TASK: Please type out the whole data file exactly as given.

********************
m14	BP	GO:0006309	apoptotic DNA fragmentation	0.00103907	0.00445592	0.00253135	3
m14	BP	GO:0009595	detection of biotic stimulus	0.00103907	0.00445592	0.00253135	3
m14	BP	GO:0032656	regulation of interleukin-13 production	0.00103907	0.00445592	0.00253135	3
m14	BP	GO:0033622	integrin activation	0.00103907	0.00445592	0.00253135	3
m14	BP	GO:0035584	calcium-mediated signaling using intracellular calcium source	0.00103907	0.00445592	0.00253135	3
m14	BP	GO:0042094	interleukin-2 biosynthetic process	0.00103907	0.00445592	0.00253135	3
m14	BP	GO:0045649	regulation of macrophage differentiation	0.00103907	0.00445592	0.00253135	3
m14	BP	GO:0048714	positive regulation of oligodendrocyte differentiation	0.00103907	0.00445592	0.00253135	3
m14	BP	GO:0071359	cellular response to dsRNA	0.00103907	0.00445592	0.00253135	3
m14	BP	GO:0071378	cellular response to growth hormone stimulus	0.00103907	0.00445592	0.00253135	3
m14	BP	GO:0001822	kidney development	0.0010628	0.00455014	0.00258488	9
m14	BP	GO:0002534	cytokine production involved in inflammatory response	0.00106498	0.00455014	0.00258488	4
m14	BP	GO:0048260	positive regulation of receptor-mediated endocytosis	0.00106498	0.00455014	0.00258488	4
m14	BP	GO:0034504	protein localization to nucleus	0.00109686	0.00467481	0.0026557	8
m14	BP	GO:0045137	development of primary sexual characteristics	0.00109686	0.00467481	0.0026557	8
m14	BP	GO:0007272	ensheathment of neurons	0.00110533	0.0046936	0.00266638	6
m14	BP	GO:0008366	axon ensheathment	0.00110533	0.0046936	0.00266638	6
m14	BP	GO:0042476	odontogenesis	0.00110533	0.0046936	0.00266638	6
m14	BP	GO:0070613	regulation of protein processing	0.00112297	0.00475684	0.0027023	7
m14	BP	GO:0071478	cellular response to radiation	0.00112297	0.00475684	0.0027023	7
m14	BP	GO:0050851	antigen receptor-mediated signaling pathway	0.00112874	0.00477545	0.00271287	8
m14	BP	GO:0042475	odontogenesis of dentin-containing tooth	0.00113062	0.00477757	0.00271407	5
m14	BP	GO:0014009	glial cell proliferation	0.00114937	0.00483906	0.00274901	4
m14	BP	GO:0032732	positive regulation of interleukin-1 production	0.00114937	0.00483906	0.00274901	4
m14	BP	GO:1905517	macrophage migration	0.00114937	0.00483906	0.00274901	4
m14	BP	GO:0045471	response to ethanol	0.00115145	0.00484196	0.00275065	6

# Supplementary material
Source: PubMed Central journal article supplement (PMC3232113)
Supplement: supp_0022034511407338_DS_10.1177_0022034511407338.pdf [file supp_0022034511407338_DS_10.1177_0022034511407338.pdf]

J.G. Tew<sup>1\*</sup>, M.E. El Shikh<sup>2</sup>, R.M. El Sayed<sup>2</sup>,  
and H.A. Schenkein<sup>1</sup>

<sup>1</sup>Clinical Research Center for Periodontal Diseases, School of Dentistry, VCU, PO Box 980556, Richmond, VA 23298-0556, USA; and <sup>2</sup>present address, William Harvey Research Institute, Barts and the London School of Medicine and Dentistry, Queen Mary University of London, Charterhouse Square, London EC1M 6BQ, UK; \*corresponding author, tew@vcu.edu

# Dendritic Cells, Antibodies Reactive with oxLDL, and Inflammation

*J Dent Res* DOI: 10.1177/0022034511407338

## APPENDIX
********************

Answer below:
m14	BP	GO:0006309	apoptotic DNA fragmentation	0.00103907	0.00445592	0.00253135	3
m14	BP	GO:0009595	detection of biotic stimulus	0.00103907	0.00445592	0.00253135	3
m14	BP	GO:0032656	regulation of interleukin-13 production	0.00103907	0.00445592	0.00253135	3
m14	BP	GO:0033622	integrin activation	0.00103907	0.00445592	0.00253135	3
m14	BP	GO:0035584	calcium-mediated signaling using intracellular calcium source	0.00103907	0.00445592	0.00253135	3
m14	BP	GO:0042094	interleukin-2 biosynthetic process	0.00103907	0.00445592	0.00253135	3
m14	BP	GO:0045649	regulation of macrophage differentiation	0.00103907	0.00445592	0.00253135	3
m14	BP	GO:0048714	positive regulation of oligodendrocyte differentiation	0.00103907	0.00445592	0.00253135	3
m14	BP	GO:0071359	cellular response to dsRNA	0.00103907	0.00445592	0.00253135	3
m14	BP	GO:0071378	cellular response to growth hormone stimulus	0.00103907	0.00445592	0.00253135	3
m14	BP	GO:0001822	kidney development	0.0010628	0.00455014	0.00258488	9
m14	BP	GO:0002534	cytokine production involved in inflammatory response	0.00106498	0.00455014	0.00258488	4
m14	BP	GO:0048260	positive regulation of receptor-mediated endocytosis	0.00106498	0.00455014	0.00258488	4
m14	BP	GO:0034504	protein localization to nucleus	0.00109686	0.00467481	0.0026557	8
m14	BP	GO:0045137	development of primary sexual characteristics	0.00109686	0.00467481	0.0026557	8
m14	BP	GO:0007272	ensheathment of neurons	0.00110533	0.0046936	0.00266638	6
m14	BP	GO:0008366	axon ensheathment	0.00110533	0.0046936	0.00266638	6
m14	BP	GO:0042476	odontogenesis	0.00110533	0.0046936	0.00266638	6
m14	BP	GO:0070613	regulation of protein processing	0.00112297	0.00475684	0.0027023	7
m14	BP	GO:0071478	cellular response to radiation	0.00112297	0.00475684	0.0027023	7
m14	BP	GO:0050851	antigen receptor-mediated signaling pathway	0.00112874	0.00477545	0.00271287	8
m14	BP	GO:0042475	odontogenesis of dentin-containing tooth	0.00113062	0.00477757	0.00271407	5
m14	BP	GO:0014009	glial cell proliferation	0.00114937	0.00483906	0.00274901	4
m14	BP	GO:0032732	positive regulation of interleukin-1 production	0.00114937	0.00483906	0.00274901	4
m14	BP	GO:1905517	macrophage migration	0.00114937	0.00483906	0.00274901	4
m14	BP	GO:0045471	response to ethanol	0.00115145	0.00484196	0.00275065	6

# Supplementary material
Source: PubMed Central journal article supplement (PMC3232113)
Supplement: supp_0022034511407338_DS_10.1177_0022034511407338.pdf [file supp_0022034511407338_DS_10.1177_0022034511407338.pdf]

J.G. Tew<sup>1\*</sup>, M.E. El Shikh<sup>2</sup>, R.M. El Sayed<sup>2</sup>,  
and H.A. Schenkein<sup>1</sup>

<sup>1</sup>Clinical Research Center for Periodontal Diseases, School of Dentistry, VCU, PO Box 980556, Richmond, VA 23298-0556, USA; and <sup>2</sup>present address, William Harvey Research Institute, Barts and the London School of Medicine and Dentistry, Queen Mary University of London, Charterhouse Square, London EC1M 6BQ, UK; \*corresponding author, tew@vcu.edu

# Dendritic Cells, Antibodies Reactive with oxLDL, and Inflammation

*J Dent Res* DOI: 10.1177/0022034511407338

## APPENDIX